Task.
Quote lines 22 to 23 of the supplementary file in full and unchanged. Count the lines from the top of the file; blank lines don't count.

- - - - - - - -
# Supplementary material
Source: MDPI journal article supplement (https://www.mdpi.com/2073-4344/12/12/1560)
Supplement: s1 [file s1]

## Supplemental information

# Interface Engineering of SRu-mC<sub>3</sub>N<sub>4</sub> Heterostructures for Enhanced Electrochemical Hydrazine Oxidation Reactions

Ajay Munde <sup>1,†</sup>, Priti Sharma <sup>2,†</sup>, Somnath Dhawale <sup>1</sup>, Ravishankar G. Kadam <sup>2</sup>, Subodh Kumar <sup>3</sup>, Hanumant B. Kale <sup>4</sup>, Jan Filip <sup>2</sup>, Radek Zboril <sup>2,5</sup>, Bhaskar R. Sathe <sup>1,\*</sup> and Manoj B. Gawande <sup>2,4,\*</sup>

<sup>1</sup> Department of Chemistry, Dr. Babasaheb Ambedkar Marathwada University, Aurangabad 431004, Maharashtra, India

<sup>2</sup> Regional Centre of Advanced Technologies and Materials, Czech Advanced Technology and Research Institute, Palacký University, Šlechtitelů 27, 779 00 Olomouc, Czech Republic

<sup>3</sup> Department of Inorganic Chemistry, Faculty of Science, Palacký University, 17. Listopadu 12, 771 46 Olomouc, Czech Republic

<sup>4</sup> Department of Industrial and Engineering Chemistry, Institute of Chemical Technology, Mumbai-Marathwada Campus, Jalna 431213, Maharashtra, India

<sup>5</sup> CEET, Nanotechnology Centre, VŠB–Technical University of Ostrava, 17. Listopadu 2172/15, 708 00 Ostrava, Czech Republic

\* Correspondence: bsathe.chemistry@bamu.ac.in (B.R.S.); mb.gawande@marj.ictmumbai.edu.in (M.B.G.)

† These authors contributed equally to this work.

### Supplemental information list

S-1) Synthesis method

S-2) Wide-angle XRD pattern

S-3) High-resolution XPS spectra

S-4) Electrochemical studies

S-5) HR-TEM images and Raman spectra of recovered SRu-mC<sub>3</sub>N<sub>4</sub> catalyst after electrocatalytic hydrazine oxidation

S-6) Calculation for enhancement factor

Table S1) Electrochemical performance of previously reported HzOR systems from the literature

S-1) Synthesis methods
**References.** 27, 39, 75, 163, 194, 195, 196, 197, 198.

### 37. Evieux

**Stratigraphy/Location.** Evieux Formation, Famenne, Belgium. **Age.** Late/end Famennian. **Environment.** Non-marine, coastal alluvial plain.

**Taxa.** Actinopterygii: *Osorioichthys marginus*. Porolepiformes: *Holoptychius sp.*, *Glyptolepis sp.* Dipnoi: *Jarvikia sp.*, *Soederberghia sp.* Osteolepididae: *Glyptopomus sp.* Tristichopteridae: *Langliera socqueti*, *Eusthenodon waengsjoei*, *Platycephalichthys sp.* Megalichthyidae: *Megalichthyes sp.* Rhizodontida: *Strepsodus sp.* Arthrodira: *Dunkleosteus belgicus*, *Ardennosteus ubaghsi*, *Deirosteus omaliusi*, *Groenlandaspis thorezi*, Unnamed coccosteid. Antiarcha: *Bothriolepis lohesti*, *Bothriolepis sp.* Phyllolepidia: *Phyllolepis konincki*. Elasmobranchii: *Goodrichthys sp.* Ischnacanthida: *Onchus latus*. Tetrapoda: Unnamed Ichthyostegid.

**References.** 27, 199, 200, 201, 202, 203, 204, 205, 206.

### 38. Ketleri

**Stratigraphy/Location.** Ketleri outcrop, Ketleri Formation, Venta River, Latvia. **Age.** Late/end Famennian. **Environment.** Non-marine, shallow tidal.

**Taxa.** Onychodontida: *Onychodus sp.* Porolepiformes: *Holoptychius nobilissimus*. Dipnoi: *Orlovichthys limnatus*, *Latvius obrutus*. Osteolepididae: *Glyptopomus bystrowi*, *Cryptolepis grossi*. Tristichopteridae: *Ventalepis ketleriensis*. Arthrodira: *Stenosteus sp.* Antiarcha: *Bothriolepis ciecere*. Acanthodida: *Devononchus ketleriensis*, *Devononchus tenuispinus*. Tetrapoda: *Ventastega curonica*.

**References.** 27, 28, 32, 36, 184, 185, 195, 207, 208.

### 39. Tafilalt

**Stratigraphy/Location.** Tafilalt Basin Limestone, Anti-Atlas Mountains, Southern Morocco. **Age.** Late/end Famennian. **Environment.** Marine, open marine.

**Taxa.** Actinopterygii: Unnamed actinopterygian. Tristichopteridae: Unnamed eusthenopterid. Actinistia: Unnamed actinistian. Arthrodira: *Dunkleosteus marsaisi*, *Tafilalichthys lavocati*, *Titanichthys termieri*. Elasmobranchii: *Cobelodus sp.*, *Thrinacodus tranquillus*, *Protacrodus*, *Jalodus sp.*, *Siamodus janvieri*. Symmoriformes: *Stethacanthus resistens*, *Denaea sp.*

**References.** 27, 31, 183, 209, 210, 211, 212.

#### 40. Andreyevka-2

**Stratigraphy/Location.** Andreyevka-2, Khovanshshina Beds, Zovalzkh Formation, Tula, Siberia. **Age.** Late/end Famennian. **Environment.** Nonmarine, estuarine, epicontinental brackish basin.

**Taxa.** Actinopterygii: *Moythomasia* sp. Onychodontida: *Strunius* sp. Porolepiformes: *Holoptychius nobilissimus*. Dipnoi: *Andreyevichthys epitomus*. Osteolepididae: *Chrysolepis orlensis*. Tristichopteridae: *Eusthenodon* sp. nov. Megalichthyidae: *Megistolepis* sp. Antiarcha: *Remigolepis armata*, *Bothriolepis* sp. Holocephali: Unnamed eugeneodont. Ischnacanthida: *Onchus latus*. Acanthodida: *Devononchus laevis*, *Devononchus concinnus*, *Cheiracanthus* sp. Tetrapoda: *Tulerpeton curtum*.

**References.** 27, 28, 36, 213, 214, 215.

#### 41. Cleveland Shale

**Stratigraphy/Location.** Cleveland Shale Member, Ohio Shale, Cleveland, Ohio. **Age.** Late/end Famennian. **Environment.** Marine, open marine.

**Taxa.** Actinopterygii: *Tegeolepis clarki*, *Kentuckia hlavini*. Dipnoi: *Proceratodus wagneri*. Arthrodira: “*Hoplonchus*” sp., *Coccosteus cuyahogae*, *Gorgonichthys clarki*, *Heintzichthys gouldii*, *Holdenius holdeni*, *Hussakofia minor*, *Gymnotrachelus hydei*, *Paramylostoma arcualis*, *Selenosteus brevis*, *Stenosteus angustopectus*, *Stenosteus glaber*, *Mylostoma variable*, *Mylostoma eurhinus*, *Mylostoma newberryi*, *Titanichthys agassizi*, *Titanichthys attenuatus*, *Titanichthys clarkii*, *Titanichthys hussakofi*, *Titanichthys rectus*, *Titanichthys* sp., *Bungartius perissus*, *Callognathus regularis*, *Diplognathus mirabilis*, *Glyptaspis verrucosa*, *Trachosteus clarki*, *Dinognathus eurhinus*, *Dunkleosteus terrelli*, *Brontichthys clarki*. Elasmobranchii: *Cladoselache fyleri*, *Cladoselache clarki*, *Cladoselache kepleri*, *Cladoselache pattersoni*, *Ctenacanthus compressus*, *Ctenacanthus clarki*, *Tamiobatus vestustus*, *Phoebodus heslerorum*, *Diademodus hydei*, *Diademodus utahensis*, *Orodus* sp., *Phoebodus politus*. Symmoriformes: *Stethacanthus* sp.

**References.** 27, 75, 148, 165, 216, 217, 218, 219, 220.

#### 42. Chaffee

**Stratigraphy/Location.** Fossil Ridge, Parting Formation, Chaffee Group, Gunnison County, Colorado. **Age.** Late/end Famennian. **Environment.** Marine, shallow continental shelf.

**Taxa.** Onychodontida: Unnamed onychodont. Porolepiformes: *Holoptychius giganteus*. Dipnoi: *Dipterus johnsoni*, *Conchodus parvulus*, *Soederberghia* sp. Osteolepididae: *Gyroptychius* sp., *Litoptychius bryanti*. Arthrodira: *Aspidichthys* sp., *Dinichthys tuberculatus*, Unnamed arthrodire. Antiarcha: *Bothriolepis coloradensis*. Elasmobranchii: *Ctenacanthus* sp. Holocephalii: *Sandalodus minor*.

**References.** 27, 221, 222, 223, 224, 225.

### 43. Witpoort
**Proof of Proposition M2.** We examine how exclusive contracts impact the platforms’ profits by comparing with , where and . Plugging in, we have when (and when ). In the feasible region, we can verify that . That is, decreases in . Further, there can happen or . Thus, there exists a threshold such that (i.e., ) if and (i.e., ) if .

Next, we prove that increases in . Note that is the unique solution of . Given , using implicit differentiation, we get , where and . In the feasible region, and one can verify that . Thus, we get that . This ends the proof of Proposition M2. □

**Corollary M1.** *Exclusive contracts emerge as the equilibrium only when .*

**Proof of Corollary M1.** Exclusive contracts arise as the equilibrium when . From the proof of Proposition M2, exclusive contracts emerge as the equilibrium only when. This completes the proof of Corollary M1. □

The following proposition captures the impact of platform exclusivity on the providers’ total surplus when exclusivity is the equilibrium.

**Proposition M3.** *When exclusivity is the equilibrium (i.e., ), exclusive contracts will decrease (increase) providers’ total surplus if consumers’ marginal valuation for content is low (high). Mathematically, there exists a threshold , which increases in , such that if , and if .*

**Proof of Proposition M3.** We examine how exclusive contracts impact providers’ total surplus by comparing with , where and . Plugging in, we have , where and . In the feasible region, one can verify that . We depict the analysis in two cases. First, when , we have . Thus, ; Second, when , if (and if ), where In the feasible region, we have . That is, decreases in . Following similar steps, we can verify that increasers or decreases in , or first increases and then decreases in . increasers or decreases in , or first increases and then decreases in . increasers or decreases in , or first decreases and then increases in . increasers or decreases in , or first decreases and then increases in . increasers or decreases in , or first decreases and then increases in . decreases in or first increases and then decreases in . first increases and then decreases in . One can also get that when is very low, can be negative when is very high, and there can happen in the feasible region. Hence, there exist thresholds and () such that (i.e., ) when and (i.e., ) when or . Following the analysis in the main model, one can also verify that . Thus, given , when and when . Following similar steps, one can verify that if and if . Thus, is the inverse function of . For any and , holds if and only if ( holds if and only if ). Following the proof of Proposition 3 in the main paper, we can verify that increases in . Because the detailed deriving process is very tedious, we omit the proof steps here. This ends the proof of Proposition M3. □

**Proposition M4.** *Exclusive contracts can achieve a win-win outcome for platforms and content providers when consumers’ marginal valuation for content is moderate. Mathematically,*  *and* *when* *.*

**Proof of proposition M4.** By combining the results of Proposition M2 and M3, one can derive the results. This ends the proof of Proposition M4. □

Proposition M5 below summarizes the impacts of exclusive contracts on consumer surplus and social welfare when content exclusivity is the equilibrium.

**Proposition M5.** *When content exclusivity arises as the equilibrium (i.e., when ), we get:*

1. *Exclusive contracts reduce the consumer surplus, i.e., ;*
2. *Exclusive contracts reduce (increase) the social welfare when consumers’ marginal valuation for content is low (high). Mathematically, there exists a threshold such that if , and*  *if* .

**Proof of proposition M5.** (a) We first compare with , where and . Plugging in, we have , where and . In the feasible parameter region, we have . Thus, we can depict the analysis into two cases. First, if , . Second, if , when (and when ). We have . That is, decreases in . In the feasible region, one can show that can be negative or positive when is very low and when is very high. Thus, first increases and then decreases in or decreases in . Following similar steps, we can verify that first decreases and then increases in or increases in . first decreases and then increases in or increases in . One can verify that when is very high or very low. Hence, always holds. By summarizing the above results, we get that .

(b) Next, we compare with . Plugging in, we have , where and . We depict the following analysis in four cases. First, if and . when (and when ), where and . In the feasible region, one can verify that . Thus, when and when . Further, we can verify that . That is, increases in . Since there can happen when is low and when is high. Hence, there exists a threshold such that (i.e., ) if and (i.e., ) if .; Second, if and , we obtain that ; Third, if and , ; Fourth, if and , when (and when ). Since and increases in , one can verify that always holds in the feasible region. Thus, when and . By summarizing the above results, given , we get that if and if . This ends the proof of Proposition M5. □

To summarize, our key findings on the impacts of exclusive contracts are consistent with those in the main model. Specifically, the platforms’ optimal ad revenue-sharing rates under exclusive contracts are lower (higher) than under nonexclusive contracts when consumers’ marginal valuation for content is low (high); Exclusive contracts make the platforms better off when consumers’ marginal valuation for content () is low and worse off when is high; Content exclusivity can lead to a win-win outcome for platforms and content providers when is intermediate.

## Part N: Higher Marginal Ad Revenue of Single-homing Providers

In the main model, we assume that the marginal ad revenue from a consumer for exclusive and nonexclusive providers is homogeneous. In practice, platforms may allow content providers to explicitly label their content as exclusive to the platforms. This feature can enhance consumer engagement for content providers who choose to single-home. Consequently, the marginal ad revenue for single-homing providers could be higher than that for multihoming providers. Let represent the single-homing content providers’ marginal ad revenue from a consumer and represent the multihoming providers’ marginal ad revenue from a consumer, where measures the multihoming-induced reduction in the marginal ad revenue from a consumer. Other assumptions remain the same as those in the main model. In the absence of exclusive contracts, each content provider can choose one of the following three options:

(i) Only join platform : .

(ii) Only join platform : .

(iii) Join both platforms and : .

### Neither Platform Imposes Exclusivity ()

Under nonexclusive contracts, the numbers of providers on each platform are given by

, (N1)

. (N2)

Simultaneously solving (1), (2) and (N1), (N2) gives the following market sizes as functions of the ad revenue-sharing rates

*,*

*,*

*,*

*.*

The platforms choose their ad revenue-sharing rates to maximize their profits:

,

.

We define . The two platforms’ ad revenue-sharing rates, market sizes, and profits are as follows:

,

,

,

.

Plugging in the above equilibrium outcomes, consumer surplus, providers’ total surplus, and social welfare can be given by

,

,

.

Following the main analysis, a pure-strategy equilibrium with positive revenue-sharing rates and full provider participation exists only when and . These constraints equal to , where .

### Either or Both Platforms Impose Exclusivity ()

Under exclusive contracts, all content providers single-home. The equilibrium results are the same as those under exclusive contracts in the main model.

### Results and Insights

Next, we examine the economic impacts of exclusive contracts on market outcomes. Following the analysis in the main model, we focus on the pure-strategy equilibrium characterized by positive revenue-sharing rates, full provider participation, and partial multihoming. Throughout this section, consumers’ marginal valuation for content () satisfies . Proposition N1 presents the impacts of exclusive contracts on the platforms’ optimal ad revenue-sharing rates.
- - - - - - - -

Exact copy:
S-1) Synthesis methods
**References.** 27, 39, 75, 163, 194, 195, 196, 197, 198.